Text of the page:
Last week I was lucky enough to get a tour of the award-winning Perimeter Institute in Waterloo, Ontario.
June 8th, 2012

Last week I was lucky enough to get a tour of the award-winning Perimeter Institute in Waterloo, Ontario. The brainchild of RIM founder Mike Lazaridis, the Institute, as the website declares, “is a basic research centre dedicated to exploring the world around us at its most fundamental level.’ It doesn’t get any more basic than that. A hub for theoretical physicists from around the world, the Institute is home to approximately 100 scientists and welcomes hundreds as visitors each year.

Now, how could an Institute dedicated to basic research at such abstract levels be an interesting place for a tour? The photograph above can’t really tell you exactly how, but it does hint at the splendour of the building and the inspiration it generates for the geniuses who traverse its spaces.

Notice the central open space, de rigueur these days for well-conceived architectural sites. Human beings who occupy such sites crave natural light, open space in which to breathe, and the opportunity for perspective. Notice the walls of tempered glass that both afford a measure of privacy and transmit and reflect light. Notice the colourful leather furniture, the potted ferns, the natural wood flooring. Notice the graceful curves of the staircases that hug the shell of the atrium. Everything about the institute has been created and realized in the service of human interaction, contemplation and conversation. And what you don’t see are the walls and walls of art—at every turn there are gorgeous paintings or mixed media compositions to stimulate the brain. I could have easily taken home any one of these.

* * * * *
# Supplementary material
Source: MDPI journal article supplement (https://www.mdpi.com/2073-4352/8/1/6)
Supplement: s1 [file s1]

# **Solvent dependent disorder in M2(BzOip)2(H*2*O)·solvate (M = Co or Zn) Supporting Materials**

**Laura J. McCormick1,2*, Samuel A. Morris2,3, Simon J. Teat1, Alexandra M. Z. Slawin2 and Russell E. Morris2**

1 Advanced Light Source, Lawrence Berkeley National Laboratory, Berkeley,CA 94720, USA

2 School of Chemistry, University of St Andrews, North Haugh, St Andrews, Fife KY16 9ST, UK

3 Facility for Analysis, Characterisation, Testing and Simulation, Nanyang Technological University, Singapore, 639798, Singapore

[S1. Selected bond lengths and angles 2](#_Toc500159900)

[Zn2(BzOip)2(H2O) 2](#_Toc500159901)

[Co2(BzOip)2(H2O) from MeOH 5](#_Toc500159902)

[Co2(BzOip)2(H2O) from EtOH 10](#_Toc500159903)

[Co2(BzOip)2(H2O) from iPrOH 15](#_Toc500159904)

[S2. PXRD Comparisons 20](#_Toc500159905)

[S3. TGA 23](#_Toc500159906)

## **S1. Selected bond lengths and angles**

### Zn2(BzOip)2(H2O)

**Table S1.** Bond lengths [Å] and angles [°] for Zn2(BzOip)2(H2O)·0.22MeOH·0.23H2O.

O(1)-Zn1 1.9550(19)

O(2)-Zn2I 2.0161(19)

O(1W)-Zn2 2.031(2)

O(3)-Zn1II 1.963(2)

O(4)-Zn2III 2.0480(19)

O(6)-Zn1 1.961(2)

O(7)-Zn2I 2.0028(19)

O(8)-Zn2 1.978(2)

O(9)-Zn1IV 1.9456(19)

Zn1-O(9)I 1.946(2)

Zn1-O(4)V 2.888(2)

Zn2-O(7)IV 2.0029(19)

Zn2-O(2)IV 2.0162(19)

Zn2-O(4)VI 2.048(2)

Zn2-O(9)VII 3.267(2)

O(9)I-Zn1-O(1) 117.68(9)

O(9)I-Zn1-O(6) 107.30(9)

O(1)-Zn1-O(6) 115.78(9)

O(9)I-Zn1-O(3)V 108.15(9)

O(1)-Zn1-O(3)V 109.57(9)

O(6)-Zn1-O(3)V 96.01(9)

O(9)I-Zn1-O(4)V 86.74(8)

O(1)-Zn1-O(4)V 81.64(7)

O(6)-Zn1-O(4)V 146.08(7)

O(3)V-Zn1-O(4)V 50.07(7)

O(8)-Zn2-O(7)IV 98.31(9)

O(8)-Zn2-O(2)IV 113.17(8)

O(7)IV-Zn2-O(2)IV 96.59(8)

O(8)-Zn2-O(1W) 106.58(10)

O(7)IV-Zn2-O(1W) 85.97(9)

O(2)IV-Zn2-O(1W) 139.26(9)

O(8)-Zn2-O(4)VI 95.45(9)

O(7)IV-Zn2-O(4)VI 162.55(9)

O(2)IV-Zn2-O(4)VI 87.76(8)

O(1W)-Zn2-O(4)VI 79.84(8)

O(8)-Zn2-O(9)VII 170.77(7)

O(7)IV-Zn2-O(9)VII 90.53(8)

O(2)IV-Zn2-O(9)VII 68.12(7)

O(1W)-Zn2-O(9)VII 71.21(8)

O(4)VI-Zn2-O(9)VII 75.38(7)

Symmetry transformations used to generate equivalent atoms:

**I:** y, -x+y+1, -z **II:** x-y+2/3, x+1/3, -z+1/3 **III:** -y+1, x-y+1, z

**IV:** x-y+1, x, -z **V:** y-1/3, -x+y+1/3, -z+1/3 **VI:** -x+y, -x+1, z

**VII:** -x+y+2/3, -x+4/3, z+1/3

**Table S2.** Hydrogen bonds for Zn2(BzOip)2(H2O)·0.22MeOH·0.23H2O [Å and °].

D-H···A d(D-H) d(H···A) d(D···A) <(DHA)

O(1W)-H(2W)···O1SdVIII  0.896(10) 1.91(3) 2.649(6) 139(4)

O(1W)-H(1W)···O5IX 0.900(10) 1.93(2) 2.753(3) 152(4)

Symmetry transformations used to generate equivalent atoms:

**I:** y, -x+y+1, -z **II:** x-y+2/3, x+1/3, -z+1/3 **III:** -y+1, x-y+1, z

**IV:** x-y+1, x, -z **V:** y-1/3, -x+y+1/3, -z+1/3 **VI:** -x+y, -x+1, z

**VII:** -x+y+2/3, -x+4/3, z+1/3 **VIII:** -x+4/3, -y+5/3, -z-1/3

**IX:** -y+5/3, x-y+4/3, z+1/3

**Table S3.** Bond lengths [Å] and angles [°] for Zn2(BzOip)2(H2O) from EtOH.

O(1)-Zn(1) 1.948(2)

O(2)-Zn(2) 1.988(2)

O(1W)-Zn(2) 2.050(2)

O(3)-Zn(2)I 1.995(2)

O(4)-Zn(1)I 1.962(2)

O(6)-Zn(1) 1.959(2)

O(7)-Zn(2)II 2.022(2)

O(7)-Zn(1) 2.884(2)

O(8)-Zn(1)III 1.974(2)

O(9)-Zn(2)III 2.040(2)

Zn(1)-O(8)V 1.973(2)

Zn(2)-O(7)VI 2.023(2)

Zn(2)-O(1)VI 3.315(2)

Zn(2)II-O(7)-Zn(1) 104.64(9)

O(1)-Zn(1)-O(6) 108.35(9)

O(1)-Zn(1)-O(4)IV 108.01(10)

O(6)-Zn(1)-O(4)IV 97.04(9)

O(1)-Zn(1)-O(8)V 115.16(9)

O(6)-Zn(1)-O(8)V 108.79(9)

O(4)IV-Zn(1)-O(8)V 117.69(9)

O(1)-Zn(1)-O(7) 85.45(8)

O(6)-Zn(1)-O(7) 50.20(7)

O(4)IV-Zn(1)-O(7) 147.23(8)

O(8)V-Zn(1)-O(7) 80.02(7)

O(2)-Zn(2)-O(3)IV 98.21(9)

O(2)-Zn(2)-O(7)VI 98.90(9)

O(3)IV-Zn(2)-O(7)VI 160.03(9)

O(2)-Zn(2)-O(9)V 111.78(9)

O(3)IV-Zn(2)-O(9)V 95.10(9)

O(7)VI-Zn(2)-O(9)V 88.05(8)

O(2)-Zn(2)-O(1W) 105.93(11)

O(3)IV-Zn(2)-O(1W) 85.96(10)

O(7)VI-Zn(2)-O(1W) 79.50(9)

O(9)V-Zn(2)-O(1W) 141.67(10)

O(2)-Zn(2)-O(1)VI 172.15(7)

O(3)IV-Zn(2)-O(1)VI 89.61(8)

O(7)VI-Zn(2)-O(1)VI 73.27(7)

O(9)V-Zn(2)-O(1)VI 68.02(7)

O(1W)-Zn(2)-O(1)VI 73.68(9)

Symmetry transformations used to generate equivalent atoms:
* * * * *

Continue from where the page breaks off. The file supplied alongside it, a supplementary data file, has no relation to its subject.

The architects of gothic cathedrals well understood that it’s best to worship the divine in an environment that encourages soaring thought, surrounded by pleasing textures and enveloped in natural light—places of and for awe. Even today, centuries later, the most non-believing cynic is humbled upon entering, say, the lofty expanse of a Chartres, a Notre Dame de Paris, or a Reims Cathedral. You don’t have to believe in the Almighty to get what the effect of such architectural grandeur is on the human spirit.

Well, the Perimeter Institute is a 21st century vernacular cathedral devoted to the worship of the mind. I felt the same effect as I have experienced at any of the churches mentioned above, and in many more that have endured in the UK and Europe. The design has a higher power in mind, to be sure, but it caters to the sensual and intellectual well-being of the human subject. You can’t help but feel smart in such a space! In the first place, you know you are surrounded by brainiacs whose DNA you are inhaling just by walking around their turf. But you are also almost instantly put into a contemplative frame of mind through the sheer splendid force of the built environment.

The inner spaces are specifically designed to encourage a healthy research culture. The tour guide, the smooth operating communications director of the plant, advised that he would at times be keeping silent as we walked by any of the a designated “scientific interaction areas” where “spontaneous, multidisciplinary research” would be underway. Indeed, walking by the first of these I noticed what looked like a staged scene, except it wasn’t: a young man with impossibly long dreadlocks, scribbling some mathematical equations on a large blackboard. Staring in apparent wonder at the board’s hieroglyphs were two peers, male and female, seated on one of those colourful leather sofas, cupping coffee cups, warming themselves by the glow of a fireplace. I saw one or two variations of these tableaux throughout the tour, places where graduate students seem to congregate naturally. Dress code: decidedly Mark Zuckerberg. You want to be comfortable when you are trying to solve the mysteries of the universe.